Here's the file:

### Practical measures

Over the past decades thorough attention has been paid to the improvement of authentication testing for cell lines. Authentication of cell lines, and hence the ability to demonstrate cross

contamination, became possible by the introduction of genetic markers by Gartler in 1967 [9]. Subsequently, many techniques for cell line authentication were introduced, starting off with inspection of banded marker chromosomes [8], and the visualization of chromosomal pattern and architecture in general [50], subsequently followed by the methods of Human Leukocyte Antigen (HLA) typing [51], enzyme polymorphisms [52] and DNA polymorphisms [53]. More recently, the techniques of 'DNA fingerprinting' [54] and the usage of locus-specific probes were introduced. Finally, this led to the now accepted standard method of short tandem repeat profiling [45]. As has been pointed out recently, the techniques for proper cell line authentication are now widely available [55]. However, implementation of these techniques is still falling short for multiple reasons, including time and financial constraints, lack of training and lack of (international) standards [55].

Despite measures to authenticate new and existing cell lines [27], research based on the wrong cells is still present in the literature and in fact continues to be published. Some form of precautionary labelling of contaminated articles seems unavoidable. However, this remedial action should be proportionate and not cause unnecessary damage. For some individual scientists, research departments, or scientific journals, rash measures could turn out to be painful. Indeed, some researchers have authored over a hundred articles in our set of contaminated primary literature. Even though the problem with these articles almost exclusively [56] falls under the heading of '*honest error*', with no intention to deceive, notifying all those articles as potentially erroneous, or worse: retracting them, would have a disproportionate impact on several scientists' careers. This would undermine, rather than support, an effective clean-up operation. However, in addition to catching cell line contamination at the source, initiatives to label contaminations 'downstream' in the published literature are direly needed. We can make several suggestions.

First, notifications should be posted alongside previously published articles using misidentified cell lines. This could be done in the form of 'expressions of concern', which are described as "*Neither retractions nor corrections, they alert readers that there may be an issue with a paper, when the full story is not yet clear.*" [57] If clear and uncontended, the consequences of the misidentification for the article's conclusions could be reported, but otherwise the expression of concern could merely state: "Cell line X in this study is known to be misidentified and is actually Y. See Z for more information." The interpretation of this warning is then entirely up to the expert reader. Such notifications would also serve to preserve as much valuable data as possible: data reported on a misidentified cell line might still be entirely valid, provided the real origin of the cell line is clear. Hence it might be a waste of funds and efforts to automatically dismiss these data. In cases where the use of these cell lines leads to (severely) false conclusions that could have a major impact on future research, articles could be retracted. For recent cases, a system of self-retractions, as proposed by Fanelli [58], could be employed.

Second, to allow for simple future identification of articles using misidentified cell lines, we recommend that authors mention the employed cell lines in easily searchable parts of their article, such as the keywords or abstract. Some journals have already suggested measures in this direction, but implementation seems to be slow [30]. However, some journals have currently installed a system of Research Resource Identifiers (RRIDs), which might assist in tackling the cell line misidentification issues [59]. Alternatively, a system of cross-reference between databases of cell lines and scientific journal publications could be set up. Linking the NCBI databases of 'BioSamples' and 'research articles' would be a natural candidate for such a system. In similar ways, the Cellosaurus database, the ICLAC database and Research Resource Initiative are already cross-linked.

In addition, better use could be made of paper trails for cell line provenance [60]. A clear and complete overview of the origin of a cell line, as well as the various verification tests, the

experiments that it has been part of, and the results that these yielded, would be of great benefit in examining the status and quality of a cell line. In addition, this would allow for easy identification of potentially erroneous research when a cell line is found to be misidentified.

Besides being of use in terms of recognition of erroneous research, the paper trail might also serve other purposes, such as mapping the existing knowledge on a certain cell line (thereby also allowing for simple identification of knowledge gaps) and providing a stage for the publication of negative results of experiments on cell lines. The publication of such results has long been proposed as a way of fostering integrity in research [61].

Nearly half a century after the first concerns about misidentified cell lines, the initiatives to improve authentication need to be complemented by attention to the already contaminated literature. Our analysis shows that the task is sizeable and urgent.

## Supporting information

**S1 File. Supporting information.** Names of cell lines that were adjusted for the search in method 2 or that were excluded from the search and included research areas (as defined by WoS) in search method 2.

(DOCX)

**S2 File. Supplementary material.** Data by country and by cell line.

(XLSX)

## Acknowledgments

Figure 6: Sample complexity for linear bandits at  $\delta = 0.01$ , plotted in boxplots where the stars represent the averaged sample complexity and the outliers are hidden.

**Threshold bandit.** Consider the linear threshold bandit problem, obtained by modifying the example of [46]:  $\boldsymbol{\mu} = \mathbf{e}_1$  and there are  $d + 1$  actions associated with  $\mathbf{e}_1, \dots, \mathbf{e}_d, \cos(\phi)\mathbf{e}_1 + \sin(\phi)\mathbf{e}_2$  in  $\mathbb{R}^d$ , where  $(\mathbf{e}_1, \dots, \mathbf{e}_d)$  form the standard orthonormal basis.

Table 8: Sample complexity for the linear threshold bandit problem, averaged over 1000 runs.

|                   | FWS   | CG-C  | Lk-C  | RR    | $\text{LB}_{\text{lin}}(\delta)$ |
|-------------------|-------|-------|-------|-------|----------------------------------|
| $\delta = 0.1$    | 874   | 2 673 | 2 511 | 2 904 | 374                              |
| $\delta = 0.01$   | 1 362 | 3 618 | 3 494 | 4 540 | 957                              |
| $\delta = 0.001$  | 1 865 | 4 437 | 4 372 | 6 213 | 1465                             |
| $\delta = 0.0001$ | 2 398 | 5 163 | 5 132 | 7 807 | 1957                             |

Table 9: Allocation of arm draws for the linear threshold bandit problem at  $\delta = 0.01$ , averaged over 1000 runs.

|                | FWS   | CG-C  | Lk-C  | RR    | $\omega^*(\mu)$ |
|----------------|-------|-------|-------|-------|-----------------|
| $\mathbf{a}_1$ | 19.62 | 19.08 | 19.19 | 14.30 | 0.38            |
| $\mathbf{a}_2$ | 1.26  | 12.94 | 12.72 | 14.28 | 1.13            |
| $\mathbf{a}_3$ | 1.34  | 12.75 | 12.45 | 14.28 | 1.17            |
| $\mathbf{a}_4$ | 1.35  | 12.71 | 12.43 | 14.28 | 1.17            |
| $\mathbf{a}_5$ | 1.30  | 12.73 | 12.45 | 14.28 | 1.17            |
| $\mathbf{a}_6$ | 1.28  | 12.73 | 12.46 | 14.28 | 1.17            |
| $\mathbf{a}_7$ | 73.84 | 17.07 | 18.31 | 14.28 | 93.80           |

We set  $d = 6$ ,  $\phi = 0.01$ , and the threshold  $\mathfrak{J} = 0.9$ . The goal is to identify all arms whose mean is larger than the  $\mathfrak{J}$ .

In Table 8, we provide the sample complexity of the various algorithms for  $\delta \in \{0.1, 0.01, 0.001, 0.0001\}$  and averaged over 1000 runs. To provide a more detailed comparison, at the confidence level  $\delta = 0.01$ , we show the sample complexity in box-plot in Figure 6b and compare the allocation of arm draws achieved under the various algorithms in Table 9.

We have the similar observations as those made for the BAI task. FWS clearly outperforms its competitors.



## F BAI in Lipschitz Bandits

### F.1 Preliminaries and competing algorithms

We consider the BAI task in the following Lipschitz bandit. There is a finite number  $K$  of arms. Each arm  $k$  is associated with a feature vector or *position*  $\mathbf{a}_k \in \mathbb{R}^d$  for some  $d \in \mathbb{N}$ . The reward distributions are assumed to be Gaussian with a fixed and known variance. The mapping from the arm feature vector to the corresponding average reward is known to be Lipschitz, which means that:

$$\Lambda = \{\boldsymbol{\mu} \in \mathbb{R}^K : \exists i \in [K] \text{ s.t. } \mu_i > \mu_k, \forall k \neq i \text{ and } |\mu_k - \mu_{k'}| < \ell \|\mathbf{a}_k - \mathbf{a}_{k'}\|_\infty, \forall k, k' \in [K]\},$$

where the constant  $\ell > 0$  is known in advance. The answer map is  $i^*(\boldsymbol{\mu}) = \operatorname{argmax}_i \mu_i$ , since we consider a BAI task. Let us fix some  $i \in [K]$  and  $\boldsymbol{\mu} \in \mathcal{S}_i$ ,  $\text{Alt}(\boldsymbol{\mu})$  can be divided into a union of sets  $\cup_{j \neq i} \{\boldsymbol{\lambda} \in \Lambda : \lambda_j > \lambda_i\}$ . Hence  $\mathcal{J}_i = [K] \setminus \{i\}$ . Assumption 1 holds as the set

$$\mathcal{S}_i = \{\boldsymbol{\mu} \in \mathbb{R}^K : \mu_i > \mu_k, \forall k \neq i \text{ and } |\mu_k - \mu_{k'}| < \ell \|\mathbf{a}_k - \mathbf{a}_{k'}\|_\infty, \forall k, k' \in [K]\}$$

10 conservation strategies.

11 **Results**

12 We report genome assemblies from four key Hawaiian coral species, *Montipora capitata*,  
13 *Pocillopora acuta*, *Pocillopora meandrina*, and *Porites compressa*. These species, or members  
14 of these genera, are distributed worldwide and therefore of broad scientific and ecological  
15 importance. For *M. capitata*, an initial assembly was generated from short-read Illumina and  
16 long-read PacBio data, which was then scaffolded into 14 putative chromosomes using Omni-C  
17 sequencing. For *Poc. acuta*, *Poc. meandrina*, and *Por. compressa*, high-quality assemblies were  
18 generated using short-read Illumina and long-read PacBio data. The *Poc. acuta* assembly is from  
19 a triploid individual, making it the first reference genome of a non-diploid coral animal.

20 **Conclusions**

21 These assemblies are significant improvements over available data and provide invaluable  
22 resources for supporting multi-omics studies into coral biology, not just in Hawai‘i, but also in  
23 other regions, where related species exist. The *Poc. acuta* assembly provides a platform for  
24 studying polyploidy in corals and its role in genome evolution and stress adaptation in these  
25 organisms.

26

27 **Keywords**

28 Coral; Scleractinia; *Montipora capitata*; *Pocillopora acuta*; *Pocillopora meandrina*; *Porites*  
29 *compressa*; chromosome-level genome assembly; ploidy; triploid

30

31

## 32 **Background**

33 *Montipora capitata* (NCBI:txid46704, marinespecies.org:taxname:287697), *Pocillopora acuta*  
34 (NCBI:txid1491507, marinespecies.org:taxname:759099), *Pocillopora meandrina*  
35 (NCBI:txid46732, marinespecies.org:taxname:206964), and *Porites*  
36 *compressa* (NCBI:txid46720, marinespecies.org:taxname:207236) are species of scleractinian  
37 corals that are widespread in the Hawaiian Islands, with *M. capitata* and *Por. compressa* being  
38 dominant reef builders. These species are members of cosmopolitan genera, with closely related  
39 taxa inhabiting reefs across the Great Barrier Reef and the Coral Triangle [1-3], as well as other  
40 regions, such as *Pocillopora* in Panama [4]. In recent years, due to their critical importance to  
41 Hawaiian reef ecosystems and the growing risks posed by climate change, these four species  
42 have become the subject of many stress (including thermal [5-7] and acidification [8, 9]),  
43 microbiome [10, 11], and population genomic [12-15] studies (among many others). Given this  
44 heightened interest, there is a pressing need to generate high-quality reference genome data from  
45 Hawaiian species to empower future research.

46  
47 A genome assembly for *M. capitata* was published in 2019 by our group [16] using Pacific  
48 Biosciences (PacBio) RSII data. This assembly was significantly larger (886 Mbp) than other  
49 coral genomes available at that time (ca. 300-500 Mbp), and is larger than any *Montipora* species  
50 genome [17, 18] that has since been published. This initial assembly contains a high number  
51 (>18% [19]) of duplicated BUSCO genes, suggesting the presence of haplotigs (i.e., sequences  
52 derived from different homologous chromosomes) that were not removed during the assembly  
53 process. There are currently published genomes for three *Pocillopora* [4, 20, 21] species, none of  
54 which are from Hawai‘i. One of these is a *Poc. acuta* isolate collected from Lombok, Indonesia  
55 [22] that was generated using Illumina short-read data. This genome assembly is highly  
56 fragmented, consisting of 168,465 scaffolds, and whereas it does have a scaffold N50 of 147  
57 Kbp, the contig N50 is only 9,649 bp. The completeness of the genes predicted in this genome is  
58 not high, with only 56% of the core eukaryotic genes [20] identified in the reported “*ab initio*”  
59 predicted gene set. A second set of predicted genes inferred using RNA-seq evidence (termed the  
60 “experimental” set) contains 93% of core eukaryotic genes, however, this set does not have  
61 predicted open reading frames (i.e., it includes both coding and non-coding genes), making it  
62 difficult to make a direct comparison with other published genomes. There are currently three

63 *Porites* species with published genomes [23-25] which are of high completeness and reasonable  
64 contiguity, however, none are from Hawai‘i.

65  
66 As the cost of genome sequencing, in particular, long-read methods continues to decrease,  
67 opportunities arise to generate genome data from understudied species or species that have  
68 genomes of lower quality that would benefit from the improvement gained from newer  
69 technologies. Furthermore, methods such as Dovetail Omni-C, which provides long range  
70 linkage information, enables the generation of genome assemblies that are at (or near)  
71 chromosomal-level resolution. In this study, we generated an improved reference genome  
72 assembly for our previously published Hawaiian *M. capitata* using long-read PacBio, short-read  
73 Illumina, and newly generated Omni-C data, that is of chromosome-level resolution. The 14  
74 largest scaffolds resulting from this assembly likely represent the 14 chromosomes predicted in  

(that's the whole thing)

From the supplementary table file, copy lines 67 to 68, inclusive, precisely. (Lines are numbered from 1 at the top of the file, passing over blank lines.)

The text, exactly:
## 32 **Background**

33 *Montipora capitata* (NCBI:txid46704, marinespecies.org:taxname:287697), *Pocillopora acuta*  